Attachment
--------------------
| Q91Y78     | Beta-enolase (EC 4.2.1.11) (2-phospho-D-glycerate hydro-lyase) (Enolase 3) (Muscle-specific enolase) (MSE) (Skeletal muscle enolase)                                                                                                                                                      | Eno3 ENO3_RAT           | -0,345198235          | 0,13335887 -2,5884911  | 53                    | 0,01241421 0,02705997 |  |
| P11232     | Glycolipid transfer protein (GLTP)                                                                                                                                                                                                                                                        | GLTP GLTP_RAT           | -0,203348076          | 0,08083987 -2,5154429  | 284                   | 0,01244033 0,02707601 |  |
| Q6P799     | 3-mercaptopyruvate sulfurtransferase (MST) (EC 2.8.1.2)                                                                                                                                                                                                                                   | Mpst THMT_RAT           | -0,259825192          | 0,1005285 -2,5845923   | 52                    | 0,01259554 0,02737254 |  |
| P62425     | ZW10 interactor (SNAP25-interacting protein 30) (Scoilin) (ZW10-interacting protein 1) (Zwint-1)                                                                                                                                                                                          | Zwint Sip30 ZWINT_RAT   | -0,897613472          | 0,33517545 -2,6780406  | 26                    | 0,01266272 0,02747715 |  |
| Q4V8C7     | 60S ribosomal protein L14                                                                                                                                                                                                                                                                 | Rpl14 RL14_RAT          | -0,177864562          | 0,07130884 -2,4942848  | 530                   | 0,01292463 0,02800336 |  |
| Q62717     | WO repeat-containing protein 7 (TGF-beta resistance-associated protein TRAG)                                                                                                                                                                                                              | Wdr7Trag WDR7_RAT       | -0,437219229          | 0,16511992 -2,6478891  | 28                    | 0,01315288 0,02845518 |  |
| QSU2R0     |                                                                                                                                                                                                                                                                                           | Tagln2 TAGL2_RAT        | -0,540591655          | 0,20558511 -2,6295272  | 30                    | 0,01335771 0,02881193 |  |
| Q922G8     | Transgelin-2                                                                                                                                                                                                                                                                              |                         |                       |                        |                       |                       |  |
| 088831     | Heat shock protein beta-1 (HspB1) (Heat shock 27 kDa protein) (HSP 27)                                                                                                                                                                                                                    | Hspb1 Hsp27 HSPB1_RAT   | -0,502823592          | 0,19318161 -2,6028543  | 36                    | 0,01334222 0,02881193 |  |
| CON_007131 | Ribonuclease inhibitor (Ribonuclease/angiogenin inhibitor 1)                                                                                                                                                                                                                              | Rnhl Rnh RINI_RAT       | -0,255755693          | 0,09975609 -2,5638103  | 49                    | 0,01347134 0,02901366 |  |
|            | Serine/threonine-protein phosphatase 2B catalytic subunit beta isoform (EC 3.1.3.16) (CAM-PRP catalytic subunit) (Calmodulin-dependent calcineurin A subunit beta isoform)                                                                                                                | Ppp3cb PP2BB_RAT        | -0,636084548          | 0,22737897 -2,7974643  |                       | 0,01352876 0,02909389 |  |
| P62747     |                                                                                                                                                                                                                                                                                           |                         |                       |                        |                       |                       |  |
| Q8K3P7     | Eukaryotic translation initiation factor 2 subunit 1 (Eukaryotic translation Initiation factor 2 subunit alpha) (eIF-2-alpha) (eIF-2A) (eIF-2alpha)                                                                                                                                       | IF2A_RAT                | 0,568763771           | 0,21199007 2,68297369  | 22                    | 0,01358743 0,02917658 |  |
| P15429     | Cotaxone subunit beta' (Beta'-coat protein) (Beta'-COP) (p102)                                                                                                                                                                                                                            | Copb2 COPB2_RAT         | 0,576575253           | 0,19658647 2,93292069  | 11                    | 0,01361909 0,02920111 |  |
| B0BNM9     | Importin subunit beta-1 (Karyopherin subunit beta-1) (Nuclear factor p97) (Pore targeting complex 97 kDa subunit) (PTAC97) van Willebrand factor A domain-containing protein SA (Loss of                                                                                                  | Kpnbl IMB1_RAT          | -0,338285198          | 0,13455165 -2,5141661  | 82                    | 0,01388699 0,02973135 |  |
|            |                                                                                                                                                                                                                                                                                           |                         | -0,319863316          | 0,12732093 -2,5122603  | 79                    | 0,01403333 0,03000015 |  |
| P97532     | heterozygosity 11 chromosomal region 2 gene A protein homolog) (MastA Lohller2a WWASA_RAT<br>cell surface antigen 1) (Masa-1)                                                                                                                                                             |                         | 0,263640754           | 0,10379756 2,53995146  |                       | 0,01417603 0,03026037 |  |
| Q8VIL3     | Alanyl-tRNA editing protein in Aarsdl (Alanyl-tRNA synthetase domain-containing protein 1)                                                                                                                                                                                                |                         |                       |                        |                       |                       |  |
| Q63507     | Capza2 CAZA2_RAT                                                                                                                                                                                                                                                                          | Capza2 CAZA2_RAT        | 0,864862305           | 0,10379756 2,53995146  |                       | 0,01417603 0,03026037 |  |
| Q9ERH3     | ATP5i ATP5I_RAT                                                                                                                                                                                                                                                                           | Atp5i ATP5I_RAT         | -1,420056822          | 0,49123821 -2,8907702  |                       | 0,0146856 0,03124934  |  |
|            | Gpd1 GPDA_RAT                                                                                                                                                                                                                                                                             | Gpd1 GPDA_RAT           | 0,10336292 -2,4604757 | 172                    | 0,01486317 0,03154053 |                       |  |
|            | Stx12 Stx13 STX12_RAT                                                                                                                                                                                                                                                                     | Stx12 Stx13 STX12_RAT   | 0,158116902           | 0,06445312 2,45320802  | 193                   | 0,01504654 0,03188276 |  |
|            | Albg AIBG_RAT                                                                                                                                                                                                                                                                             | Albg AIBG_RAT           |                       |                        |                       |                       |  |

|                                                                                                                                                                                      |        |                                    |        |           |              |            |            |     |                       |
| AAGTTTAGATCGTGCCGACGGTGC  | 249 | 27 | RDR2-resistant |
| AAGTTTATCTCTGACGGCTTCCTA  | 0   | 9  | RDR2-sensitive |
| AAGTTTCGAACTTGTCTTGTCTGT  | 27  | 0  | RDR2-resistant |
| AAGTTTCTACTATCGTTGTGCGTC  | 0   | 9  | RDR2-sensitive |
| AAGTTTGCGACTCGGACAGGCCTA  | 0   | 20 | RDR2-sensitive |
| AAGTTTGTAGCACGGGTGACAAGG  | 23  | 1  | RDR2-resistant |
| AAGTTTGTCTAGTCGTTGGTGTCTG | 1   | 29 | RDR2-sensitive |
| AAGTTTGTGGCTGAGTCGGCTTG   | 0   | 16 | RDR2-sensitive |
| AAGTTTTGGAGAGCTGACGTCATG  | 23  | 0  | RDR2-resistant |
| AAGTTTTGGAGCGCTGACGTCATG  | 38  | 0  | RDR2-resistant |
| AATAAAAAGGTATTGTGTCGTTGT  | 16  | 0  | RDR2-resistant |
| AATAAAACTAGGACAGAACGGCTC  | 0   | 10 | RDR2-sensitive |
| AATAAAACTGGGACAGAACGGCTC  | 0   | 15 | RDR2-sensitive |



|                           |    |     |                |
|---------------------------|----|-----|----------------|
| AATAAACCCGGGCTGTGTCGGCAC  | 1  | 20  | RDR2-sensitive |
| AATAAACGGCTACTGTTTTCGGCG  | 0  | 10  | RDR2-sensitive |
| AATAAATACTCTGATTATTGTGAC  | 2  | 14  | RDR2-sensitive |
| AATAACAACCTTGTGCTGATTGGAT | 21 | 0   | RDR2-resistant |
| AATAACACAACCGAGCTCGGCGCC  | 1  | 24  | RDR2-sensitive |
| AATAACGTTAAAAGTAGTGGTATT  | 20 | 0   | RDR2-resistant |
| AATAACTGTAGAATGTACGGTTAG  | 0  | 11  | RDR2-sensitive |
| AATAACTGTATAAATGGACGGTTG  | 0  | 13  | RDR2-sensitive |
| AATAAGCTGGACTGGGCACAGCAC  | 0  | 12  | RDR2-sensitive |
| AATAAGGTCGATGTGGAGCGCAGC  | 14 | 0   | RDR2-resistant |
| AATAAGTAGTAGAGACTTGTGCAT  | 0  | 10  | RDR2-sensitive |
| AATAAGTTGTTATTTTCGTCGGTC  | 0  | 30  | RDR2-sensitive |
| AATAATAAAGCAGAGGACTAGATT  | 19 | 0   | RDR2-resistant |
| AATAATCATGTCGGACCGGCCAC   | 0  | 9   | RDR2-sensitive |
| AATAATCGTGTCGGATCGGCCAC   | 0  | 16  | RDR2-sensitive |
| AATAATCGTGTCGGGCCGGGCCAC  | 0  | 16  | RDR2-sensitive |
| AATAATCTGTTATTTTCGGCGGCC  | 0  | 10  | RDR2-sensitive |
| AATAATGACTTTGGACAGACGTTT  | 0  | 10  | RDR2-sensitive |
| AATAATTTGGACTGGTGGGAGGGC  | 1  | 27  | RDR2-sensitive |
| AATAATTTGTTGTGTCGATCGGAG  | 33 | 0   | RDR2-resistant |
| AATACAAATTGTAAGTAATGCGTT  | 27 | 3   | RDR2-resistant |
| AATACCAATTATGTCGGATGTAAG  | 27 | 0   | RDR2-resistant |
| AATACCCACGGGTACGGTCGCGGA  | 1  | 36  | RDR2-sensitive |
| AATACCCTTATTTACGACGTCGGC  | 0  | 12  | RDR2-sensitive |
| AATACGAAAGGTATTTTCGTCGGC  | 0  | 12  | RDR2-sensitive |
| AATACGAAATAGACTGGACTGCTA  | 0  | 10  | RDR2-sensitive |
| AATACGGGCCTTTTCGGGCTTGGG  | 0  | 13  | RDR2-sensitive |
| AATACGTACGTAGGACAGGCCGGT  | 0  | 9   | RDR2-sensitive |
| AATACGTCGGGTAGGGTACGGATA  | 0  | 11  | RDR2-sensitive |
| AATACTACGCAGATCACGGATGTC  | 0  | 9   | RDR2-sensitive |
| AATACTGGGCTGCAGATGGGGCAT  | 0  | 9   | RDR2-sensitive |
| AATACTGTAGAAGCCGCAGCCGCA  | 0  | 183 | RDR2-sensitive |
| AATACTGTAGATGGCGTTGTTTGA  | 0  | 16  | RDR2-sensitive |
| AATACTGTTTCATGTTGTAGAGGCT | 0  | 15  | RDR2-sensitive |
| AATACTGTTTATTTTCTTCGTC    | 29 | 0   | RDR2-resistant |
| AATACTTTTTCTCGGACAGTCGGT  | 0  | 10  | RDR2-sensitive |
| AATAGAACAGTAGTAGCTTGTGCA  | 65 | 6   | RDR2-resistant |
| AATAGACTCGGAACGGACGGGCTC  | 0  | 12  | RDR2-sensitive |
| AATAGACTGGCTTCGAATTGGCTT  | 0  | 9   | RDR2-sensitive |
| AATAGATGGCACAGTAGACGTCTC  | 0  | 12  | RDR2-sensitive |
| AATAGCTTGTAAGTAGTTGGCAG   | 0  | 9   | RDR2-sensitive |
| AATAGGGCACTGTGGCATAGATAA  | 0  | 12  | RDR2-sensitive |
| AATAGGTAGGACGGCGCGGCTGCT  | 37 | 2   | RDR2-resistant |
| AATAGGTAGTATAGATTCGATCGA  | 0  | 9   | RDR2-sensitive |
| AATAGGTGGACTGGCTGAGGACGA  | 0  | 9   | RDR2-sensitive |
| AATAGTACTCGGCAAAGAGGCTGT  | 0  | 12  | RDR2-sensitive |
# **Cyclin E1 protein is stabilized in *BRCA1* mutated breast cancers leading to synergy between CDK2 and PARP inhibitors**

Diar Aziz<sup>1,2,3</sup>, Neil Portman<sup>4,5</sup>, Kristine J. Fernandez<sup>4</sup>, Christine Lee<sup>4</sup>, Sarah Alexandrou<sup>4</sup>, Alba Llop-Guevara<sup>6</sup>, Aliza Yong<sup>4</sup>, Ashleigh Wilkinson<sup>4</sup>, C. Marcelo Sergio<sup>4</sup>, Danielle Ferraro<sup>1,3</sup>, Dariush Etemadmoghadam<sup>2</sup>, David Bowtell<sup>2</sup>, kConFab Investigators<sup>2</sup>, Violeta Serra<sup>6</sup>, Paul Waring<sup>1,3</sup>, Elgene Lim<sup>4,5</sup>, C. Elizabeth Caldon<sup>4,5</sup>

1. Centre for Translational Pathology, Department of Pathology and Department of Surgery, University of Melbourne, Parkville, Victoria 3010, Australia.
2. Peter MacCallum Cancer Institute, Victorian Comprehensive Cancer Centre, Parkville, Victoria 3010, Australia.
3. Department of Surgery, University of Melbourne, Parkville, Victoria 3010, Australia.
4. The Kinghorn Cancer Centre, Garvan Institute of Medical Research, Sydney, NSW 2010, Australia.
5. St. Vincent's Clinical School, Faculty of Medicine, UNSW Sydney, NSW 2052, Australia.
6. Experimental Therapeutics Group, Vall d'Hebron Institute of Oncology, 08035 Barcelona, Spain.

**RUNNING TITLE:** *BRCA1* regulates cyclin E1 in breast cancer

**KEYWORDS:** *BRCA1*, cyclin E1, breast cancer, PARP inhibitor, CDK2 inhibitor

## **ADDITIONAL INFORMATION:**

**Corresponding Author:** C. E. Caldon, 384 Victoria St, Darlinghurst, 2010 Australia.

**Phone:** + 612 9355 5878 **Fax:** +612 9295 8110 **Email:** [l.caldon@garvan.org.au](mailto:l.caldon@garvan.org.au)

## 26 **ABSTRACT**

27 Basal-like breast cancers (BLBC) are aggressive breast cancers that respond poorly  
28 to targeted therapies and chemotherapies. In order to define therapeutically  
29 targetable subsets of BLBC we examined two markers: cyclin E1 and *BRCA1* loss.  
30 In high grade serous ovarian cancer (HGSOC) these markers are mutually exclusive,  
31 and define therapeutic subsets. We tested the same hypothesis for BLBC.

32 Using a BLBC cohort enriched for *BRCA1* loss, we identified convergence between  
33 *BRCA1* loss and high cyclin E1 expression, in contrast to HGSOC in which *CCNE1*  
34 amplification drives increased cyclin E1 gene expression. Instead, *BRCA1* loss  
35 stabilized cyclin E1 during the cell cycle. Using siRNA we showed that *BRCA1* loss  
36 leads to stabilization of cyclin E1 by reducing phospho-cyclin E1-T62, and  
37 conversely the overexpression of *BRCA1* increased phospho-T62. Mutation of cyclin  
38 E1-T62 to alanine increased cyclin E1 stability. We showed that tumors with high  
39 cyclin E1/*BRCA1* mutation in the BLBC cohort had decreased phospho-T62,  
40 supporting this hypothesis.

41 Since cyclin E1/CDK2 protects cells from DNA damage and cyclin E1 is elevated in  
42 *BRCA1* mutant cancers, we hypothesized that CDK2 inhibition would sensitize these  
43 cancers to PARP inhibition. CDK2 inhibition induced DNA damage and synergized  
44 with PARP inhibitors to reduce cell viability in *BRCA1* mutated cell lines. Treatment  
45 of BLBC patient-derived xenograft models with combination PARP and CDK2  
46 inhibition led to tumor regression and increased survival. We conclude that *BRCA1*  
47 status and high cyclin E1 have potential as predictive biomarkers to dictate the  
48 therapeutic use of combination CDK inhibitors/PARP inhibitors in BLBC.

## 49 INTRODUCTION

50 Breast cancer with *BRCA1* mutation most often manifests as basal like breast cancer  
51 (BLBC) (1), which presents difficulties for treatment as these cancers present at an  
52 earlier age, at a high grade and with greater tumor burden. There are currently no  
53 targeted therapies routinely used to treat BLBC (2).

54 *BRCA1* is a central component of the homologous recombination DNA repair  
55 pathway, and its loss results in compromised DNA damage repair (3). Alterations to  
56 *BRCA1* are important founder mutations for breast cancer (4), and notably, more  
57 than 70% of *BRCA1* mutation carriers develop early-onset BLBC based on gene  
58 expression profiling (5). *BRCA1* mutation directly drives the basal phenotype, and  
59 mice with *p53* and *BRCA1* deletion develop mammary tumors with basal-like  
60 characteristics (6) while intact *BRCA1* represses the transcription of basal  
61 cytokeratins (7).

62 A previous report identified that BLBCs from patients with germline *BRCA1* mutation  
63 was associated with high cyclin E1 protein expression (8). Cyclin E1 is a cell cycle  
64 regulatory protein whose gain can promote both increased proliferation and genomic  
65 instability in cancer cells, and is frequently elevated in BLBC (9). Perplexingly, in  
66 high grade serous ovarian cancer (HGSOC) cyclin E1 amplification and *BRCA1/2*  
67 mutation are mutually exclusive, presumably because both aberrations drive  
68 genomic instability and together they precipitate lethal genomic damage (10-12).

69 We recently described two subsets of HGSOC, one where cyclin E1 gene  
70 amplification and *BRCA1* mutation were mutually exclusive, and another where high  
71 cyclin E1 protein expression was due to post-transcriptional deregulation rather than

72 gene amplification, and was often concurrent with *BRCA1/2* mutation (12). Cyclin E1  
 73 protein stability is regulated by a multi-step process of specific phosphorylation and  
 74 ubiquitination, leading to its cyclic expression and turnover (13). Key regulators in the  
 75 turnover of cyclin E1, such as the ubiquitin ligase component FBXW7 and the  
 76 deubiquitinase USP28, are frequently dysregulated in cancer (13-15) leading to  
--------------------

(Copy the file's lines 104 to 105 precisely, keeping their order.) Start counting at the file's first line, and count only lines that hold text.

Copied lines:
31 and define therapeutic subsets. We tested the same hypothesis for BLBC.

32 Using a BLBC cohort enriched for *BRCA1* loss, we identified convergence between  